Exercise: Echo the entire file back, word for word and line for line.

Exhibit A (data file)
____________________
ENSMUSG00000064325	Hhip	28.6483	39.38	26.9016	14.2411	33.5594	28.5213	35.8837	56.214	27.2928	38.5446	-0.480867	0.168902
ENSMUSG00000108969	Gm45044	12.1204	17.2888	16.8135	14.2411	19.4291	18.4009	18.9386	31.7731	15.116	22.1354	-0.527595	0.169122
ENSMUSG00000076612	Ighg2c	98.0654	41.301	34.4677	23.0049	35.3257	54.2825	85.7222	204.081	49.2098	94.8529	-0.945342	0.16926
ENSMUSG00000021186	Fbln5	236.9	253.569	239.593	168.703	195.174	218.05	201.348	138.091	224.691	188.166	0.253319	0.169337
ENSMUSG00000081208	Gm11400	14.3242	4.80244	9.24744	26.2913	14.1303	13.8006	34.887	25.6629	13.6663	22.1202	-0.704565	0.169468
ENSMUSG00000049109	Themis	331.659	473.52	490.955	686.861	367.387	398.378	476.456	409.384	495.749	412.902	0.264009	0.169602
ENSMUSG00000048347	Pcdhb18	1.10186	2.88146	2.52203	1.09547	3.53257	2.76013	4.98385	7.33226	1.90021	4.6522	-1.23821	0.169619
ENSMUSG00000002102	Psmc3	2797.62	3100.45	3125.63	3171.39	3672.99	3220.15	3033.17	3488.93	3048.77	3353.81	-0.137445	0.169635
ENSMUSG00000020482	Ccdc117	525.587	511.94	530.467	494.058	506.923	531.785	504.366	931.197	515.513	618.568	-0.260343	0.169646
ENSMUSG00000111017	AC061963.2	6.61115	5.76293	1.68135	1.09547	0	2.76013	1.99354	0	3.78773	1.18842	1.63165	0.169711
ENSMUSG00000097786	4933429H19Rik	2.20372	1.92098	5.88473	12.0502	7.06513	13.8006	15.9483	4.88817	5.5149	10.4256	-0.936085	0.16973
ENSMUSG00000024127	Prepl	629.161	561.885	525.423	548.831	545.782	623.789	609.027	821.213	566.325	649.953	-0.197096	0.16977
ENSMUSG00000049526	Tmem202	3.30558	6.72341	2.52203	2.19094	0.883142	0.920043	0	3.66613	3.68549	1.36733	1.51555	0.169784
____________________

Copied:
ENSMUSG00000064325	Hhip	28.6483	39.38	26.9016	14.2411	33.5594	28.5213	35.8837	56.214	27.2928	38.5446	-0.480867	0.168902
ENSMUSG00000108969	Gm45044	12.1204	17.2888	16.8135	14.2411	19.4291	18.4009	18.9386	31.7731	15.116	22.1354	-0.527595	0.169122
ENSMUSG00000076612	Ighg2c	98.0654	41.301	34.4677	23.0049	35.3257	54.2825	85.7222	204.081	49.2098	94.8529	-0.945342	0.16926
ENSMUSG00000021186	Fbln5	236.9	253.569	239.593	168.703	195.174	218.05	201.348	138.091	224.691	188.166	0.253319	0.169337
ENSMUSG00000081208	Gm11400	14.3242	4.80244	9.24744	26.2913	14.1303	13.8006	34.887	25.6629	13.6663	22.1202	-0.704565	0.169468
ENSMUSG00000049109	Themis	331.659	473.52	490.955	686.861	367.387	398.378	476.456	409.384	495.749	412.902	0.264009	0.169602
ENSMUSG00000048347	Pcdhb18	1.10186	2.88146	2.52203	1.09547	3.53257	2.76013	4.98385	7.33226	1.90021	4.6522	-1.23821	0.169619
ENSMUSG00000002102	Psmc3	2797.62	3100.45	3125.63	3171.39	3672.99	3220.15	3033.17	3488.93	3048.77	3353.81	-0.137445	0.169635
ENSMUSG00000020482	Ccdc117	525.587	511.94	530.467	494.058	506.923	531.785	504.366	931.197	515.513	618.568	-0.260343	0.169646
ENSMUSG00000111017	AC061963.2	6.61115	5.76293	1.68135	1.09547	0	2.76013	1.99354	0	3.78773	1.18842	1.63165	0.169711
ENSMUSG00000097786	4933429H19Rik	2.20372	1.92098	5.88473	12.0502	7.06513	13.8006	15.9483	4.88817	5.5149	10.4256	-0.936085	0.16973
ENSMUSG00000024127	Prepl	629.161	561.885	525.423	548.831	545.782	623.789	609.027	821.213	566.325	649.953	-0.197096	0.16977
ENSMUSG00000049526	Tmem202	3.30558	6.72341	2.52203	2.19094	0.883142	0.920043	0	3.66613	3.68549	1.36733	1.51555	0.169784